But what if we wanted to increment or decrement by 3 instead? We could try to call setState() three times in the handleDecrement and handleIncrement functions like this:

handleIncrement = () => {   this.setState({ count: this.state.count + 1 })   this.setState({ count: this.state.count + 1 })   this.setState({ count: this.state.count + 1 }) }  handleDecrement = () => {   this.setState({ count: this.state.count - 1 })   this.setState({ count: this.state.count - 1 })   this.setState({ count: this.state.count - 1 }) }

If you are coding along at home, you might be surprised to find that doesn’t work.

The above code snippet is equivalent to:

Object.assign(     {},   { count: this.state.count + 1 },   { count: this.state.count + 1 },   { count: this.state.count + 1 }, )

Object.assign() is used to copy data from a source object to a target object. If the data being copied from the source to the target all have same keys, like in our example, the last object wins. Here’s a simpler version of how Object.assign() works;

let count = 3  const object = Object.assign({},    {count: count + 1},    {count: count + 2},    {count: count + 3} );  console.log(object); // output: Object { count: 6 }

So instead of the call happening three times, it happens just once. This can be fixed by passing a function to setState(). Just as you pass objects to setState(), you can also pass functions, and that is the way out of the situation above.

If we edit the handleIncrement function to look like this:

handleIncrement = () => {   this.setState((prevState) => ({ count: prevState.count + 1 }))   this.setState((prevState) => ({ count: prevState.count + 1 }))   this.setState((prevState) => ({ count: prevState.count + 1 })) }

…we can now increment count three times with one click.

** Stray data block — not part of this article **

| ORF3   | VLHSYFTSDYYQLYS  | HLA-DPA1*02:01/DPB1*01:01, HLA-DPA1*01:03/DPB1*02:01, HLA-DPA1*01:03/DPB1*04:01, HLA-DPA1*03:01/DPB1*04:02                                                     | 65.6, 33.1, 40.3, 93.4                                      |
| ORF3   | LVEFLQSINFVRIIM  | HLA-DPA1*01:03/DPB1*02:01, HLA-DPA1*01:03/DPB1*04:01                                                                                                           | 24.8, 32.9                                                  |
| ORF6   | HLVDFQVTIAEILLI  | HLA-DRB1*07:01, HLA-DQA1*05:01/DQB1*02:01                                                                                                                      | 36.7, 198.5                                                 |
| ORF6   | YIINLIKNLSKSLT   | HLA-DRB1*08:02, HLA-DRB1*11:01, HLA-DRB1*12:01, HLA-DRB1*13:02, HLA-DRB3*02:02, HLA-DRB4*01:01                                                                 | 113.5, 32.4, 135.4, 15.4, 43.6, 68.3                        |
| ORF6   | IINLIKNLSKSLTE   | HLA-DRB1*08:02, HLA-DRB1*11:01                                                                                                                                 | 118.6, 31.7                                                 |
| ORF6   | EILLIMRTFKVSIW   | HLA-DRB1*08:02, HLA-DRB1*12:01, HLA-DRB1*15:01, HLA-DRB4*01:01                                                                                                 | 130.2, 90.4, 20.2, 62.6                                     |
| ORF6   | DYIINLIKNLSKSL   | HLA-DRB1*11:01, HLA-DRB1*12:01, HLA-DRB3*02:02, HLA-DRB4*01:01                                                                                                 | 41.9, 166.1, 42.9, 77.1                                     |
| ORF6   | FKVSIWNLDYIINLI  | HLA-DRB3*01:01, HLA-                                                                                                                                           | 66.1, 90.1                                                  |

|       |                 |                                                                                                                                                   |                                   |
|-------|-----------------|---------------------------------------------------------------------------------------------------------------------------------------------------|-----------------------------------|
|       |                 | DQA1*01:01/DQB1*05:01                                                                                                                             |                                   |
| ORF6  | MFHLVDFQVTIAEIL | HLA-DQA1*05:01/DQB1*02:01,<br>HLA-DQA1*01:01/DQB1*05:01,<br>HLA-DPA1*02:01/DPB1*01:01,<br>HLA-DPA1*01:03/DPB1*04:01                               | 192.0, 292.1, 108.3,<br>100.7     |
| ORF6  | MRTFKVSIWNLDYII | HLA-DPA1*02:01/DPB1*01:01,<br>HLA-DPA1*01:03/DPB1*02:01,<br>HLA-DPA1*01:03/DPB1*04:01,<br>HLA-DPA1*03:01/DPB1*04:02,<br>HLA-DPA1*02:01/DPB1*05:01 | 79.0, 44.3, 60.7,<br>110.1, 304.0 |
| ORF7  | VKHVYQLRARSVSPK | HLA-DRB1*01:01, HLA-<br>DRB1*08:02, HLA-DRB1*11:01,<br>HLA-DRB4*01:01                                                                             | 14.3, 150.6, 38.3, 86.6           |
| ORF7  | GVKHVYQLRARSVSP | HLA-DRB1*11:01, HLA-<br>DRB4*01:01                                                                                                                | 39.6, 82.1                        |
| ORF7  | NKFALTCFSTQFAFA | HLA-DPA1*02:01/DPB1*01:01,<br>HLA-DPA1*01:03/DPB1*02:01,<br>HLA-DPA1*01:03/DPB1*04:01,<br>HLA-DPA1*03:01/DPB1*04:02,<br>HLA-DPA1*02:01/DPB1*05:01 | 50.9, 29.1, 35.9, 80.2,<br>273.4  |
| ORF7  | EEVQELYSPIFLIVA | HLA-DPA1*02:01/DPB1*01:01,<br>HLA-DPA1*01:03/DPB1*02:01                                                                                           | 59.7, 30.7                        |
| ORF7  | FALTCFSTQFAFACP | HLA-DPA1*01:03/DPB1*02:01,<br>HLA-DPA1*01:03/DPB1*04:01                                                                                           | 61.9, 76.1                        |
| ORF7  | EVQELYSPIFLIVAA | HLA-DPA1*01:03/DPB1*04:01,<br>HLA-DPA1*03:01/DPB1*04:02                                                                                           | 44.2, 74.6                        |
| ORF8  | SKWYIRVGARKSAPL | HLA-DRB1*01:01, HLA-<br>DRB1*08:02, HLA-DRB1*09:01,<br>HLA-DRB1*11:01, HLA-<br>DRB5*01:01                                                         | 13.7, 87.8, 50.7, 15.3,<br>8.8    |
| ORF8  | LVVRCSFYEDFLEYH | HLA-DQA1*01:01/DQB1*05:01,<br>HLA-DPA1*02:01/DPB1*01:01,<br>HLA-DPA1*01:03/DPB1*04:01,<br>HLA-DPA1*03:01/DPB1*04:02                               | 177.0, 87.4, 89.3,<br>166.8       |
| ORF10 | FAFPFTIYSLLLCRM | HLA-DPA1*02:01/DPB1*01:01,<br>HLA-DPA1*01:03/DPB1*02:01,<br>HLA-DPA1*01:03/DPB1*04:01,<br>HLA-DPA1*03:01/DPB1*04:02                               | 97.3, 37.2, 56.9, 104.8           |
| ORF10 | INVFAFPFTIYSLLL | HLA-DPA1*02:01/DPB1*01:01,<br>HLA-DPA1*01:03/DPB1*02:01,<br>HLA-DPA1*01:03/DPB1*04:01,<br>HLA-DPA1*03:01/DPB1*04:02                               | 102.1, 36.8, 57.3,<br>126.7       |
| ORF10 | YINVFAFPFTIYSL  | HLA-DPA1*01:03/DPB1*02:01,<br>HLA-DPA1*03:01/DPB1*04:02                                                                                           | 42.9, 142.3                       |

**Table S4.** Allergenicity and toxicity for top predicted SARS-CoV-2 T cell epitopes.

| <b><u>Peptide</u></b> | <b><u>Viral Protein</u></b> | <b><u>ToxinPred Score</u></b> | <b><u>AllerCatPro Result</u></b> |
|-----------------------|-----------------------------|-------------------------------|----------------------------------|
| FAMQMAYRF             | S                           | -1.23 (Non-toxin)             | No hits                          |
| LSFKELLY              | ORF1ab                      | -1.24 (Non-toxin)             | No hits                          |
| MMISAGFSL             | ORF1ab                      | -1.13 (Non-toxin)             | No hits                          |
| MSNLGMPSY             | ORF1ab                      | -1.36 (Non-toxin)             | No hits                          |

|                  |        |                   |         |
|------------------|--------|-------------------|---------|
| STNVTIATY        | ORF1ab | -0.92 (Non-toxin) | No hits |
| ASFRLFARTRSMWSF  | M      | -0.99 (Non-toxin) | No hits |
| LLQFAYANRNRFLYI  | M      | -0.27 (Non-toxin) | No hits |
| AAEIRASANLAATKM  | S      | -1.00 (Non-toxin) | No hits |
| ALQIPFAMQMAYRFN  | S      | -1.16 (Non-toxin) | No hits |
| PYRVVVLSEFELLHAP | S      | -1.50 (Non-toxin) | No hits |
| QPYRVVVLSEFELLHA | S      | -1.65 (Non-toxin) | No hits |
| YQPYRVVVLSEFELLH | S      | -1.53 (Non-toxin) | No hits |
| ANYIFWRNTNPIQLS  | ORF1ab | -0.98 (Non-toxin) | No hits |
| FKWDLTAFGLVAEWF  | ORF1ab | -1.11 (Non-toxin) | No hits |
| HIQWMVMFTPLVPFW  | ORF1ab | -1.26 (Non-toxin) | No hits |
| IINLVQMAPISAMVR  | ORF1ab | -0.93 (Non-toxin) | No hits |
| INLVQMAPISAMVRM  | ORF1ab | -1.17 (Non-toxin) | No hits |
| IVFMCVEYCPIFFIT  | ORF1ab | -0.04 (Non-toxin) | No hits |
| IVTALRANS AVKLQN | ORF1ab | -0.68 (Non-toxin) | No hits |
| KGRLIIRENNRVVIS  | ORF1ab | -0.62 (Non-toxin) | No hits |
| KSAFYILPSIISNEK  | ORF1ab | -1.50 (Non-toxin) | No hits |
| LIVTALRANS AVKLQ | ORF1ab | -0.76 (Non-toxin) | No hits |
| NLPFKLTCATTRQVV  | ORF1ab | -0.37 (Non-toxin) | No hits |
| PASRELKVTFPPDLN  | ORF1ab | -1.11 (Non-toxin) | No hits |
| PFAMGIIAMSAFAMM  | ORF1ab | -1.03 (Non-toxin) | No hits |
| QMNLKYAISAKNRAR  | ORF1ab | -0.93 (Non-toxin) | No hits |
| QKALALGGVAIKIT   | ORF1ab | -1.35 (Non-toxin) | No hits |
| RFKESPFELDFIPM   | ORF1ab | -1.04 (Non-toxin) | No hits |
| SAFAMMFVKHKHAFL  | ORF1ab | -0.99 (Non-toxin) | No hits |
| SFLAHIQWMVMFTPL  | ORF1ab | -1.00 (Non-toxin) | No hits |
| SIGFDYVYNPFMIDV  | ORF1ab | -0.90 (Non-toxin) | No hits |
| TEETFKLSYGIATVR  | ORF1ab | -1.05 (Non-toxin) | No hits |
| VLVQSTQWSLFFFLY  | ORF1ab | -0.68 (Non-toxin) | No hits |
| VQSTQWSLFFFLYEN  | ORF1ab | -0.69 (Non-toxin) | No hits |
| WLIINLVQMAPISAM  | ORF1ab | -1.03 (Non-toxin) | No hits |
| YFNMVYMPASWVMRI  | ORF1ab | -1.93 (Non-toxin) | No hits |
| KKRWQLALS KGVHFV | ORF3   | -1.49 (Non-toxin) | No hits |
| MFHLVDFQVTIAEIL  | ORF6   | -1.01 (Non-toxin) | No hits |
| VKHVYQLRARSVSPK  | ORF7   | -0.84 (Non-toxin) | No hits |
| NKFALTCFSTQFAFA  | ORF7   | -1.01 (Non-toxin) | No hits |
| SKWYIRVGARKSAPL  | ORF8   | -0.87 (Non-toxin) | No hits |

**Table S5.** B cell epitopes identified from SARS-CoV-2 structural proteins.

In this case, instead of merging, React queues the function calls in the order they are made and updates the entire state ones it is done. This updates the state of count to 3 instead of 1.

Access Previous State Using Updater

When building React applications, there are times when you’ll want to calculate state based the component’s previous state. You cannot always trust this.state to hold the correct state immediately after calling setState(), as it is always equal to the state rendered on the screen.

Let’s go back to our counter example to see how this works. Let’s say we have a function that decrements our count by 1. This function looks like this:

changeCount = () => {   this.setState({ count: this.state.count - 1}) }

What we want is the ability to decrement by 3. The changeCount() function is called three times in a function that handles the click event, like this.

handleDecrement = () => {   this.changeCount()   this.changeCount()   this.changeCount() }

Each time the button to decrement is clicked, the count will decrement by 1 instead of 3. This is because the this.state.count does not get updated until the component has been re-rendered. The solution is to use an updater. An updater allows you access the current state and put it to use immediately to update other items. So the changeCount() function will look like this.

changeCount = () => {   this.setState((prevState) => {     return { count: prevState.count - 1}   }) }

Now we are not depending on the result of this.state. The states of count are built on each other so we are able to access the correct state which changes with each call to changeCount().

setState() should be treated asynchronously — in other words, do not always expect that the state has changed after calling setState().

Wrapping Up

When working with setState(), these are the major things you should know:

  • Update to a component state should be done using setState()
  • You can pass an object or a function to setState()
  • Pass a function when you can to update state multiple times
  • Do not depend on this.state immediately after calling setState() and make use of the updater function instead.

The post Understanding React `setState` appeared first on CSS-Tricks.